Tuesday, 6 November 2007

STEPH Dobra Voda to Muriljani 04/11/07

Today was a feast of a day for pilgrims.

We started early, packing tents wet with dew as we looked out over the ocean from the dry and stony paddock that served us well as a bed for the night.

We walked a country lane all day, even when we hit the main road; an autumn country lane, all the way to Albania.

We might have been anywhere on Earth, although not Australia.

We met strangers who waved us on our journey with smiles and pomegranates, old ones living the old ways - daughter of a new world, I cannot presume to know who they are and what they know.

Indeed, I am done with stories.

For they are not mine. And they are not real.

We accepted an invitation to sit awhile from a gorgeous picnic bench beneath a tree at a crossroads, which we took to mean 'time for backgammon'. There's nothing like stopping still for five minutes for life to come to us! In no time we were keeping company with cows drinking from the fountain, an old man herding goats, an old woman with a donkey.

We ate lunch in a village called Vladimir, where roadside hawkers lined up big yellow river fish on the patchy bitumen, so fresh they were still gulping for breath. And there, in a cafe that might have seated 500 (???!), we met Mun Sung Do, a Korean vet with a magnificent smile who is motorcycling to Morocco and then hopping oceans to ride South America from the bottom up.

All day, animals and humans going about their business.

And there in the distance, another unpainted canvas - a misty grey wash we know to be Albania.

Soon after leaving Dobro Voda we saw a green and white rocket that I presumed was a kids' playground and Ben, laughingly, thought was a Soviet rocket and, seriously, thought was maybe a grain silo. A couple of kms on and we saw another. Then another. It wasn't until we passed a graveyard with a model rocket on a tombstone, surrounded by headstones engraved with five pointed stars and sickle moons, that we realised our green and white rocket was a mosque steeple!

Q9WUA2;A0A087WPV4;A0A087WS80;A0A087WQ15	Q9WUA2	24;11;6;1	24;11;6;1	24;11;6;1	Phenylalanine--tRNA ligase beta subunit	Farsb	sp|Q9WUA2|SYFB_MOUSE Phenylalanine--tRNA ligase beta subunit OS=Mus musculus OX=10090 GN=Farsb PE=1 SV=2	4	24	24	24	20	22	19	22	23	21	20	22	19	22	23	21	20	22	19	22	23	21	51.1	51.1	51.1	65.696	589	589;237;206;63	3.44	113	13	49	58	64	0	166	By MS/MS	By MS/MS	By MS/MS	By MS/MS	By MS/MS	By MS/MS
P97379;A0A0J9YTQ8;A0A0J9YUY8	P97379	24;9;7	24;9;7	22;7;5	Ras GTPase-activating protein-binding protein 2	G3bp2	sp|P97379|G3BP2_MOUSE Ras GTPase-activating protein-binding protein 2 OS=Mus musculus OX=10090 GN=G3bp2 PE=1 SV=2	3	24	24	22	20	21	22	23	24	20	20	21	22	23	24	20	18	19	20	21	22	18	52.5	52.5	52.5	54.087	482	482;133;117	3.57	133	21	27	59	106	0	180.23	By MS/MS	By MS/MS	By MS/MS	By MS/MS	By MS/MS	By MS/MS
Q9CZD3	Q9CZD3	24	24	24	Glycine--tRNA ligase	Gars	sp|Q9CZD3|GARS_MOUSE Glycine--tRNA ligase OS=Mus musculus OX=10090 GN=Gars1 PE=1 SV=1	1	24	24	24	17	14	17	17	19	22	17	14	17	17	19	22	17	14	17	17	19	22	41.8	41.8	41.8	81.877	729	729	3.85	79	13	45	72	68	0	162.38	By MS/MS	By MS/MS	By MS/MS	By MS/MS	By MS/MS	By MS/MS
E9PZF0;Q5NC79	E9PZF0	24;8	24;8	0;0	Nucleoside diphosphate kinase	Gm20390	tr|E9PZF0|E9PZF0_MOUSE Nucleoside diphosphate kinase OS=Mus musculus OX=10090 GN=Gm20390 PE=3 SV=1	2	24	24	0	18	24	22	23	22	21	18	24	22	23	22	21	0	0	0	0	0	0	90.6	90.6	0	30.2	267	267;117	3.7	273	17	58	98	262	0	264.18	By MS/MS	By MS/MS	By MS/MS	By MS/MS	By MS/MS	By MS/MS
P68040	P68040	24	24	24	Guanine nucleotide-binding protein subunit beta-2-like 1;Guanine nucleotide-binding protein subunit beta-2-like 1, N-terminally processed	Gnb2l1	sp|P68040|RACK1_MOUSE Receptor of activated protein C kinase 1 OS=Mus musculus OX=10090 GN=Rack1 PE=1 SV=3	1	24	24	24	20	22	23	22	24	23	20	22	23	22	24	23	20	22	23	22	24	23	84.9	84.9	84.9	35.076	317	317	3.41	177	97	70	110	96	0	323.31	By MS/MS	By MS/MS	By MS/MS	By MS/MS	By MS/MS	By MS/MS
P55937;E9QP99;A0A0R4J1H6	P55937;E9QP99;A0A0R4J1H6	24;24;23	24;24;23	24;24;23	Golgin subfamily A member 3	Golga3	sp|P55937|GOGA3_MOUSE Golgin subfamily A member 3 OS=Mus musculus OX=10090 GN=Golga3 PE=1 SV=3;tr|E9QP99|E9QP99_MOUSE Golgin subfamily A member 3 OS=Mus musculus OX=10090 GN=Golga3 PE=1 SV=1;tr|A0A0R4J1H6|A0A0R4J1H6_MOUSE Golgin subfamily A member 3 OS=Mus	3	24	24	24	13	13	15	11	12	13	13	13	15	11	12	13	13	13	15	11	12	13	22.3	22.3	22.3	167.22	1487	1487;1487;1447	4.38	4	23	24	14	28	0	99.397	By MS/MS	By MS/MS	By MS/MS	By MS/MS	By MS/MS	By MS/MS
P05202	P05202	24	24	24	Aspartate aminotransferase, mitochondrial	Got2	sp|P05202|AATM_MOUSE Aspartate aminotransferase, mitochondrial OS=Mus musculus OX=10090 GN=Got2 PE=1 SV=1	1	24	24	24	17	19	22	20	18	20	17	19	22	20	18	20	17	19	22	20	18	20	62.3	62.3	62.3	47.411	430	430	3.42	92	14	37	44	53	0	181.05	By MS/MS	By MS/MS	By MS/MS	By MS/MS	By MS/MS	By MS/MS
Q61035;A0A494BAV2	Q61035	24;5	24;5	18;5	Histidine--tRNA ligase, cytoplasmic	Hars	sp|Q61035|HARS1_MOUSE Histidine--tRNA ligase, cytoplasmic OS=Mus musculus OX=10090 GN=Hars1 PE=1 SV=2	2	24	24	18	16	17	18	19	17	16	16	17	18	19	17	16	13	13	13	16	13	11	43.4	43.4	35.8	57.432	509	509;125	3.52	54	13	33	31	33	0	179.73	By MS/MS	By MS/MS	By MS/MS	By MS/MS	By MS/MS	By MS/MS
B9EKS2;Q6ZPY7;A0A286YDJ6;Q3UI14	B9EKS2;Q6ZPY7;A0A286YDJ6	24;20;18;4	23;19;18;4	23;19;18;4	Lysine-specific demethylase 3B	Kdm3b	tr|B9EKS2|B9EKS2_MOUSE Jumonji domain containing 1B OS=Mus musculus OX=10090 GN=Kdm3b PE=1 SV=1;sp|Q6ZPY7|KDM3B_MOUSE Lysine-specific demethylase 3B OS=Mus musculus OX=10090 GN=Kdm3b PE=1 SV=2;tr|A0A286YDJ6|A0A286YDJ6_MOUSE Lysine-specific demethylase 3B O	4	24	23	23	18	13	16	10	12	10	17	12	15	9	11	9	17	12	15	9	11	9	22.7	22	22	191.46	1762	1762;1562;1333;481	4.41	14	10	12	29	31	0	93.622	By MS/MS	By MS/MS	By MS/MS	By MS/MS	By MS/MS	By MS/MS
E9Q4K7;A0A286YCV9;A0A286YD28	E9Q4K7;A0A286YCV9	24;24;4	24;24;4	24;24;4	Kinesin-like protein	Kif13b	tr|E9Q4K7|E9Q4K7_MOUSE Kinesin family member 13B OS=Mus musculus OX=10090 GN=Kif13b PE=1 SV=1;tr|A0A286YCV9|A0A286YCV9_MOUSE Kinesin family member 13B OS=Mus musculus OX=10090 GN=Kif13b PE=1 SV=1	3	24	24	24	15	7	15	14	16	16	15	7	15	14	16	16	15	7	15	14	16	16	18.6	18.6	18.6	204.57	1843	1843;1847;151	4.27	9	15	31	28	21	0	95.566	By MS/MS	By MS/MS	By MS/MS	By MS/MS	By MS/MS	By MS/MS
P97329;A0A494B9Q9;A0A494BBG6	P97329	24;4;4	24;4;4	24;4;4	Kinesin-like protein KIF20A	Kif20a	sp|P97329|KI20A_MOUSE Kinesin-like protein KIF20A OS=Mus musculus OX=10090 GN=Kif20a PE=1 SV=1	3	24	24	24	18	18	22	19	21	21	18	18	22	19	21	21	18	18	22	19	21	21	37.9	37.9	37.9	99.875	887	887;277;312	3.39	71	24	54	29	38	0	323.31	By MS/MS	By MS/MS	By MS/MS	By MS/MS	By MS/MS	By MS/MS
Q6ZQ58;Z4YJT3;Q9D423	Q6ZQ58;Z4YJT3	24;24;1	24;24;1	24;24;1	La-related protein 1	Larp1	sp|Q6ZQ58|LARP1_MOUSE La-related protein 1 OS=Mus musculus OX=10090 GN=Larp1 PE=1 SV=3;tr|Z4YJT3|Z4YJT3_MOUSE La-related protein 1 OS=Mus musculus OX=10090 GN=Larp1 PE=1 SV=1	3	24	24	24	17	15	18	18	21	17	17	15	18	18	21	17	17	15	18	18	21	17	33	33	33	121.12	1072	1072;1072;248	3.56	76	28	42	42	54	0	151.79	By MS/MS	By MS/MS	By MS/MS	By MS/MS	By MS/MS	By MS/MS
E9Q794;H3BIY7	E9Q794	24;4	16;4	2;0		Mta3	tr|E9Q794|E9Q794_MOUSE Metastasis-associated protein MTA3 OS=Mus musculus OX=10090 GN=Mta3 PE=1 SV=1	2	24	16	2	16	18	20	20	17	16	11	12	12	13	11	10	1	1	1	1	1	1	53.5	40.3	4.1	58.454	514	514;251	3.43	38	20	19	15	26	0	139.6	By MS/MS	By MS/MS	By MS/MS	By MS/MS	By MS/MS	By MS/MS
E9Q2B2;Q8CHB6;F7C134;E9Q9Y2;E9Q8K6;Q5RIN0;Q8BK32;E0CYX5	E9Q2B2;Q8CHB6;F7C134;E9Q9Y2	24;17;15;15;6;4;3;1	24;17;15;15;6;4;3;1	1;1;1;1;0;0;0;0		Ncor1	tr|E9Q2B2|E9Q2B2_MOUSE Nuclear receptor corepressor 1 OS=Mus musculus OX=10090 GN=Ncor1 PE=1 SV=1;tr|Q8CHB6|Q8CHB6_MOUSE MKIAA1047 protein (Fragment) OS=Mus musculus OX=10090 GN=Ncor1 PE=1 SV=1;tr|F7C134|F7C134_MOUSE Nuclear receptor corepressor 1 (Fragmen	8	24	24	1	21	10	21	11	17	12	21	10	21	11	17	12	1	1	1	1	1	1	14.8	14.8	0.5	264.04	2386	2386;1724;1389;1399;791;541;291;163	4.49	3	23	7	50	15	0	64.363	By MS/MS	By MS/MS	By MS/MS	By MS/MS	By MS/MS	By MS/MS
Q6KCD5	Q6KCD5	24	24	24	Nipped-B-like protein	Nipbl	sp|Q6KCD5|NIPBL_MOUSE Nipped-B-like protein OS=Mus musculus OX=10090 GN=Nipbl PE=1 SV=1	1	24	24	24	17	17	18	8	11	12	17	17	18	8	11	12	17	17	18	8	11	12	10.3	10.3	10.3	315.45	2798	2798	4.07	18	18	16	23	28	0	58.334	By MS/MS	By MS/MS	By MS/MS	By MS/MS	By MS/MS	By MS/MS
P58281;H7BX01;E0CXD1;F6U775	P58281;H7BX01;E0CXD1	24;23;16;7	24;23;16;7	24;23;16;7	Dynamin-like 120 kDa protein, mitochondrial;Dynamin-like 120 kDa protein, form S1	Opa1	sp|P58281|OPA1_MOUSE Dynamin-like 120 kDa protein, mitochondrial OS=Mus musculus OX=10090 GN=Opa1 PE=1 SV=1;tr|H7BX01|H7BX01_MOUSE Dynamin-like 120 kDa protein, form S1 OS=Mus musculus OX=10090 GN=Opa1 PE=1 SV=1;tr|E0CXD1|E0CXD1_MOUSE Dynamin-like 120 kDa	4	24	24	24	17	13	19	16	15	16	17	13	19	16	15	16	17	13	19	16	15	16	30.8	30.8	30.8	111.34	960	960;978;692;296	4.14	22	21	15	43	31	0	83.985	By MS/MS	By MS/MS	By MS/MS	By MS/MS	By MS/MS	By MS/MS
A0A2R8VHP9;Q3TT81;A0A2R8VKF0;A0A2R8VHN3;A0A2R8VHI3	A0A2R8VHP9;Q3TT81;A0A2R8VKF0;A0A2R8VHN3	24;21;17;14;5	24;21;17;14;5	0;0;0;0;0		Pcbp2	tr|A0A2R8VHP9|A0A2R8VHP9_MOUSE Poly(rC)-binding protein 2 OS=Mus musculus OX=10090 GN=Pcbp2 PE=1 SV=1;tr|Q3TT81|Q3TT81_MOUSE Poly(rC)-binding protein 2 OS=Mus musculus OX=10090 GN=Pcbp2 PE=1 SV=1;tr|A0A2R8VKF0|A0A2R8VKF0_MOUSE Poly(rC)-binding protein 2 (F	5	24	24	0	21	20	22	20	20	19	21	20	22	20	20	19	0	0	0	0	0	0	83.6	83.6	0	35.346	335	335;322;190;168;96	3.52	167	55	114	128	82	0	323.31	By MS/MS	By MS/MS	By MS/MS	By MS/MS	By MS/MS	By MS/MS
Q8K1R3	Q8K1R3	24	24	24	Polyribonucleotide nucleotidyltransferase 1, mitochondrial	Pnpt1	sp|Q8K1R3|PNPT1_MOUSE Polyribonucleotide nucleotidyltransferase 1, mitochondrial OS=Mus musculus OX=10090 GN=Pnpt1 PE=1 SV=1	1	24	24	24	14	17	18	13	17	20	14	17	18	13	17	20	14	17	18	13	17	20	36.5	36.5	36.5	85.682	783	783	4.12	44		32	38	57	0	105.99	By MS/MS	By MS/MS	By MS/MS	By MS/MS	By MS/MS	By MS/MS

Talk about laugh at our ignorance!

No doubt about it, the east has come for us.

The road signs are now bilingual, we presume Albanian. More women are now wearing loose white headscarves. Hay carts loaded to the sky roll on by. Come to think of it, it's been a few days now since we last heard a church bell.

According to my map, Albania to its own is Shqiperia. Imagine that - Hrvatska, Crne Gore, Shqiperia . . . Croatia, Montenegro, Albania by any other names.

An old woman with a headscarf brings the lines on her face to life, meeting my eyes with a wonderful greeting that lights my heart as I pass.

Old men shake our hands.

The closer we get to the border, the more pleased people are to see us.

Albanija? they call. We nod and smile, yes we are going to Albania. They are delighted. We realise these are the people our newspaper might describe as 'ethnic Albanians', the ones whose lives are drawn on the other side of the line in the sand.

Just before the border crossing, a small child runs to the gate when he sees us, his mother and grandmother laughing as they urge him to greet the turtleback strangers. This touches me so deeply I could cry.

This morning, the politics of our times shelters my heart from theirs, the shrouded strangers for whom I will make a stand in my own country . . . but for whom, face to face on their own territory, the politics of fear unsettles me, nonetheless . . . a young man with dark hair, a dark beard and jagged features drives by in a rattly old red car and the reality of where I am startles the blood in my veins . . . my eyes meet those of a robed woman raking leaves and I wonder, who does she see?

Before long I understand - not just academically, but right through to my bones - the terrible, terrible injustice world leaders commit when they use fear to fortify their worldview and justify the unjustifiable.

This pilgrimage is a journey of reckoning for me, reconciling the unnamed tensions I hold in my bones with the staged and somewhat noble realities I hold to be true in my mind (as relevant to my inner, private world as to the manifest world without) . . . who I am, rather than who I want people to see . . . and who I am, rather than who people want me to be . . .

In allowing 'unacceptable' fears to surface, the ones I put on a brave and noble face to conceal, I am able to release the hold others have on my life, socially and politically.

And so I allow deeper truths to bypass the mind and sink into my bones . . . it's not a matter of what he is or who she is, but that collectively, the reality is they are not. We are not.


We. Are. Not. That.

We are the old men with laughing eyes.

We are the old women with smiling hearts.

We are the children who run to greet the strangers.

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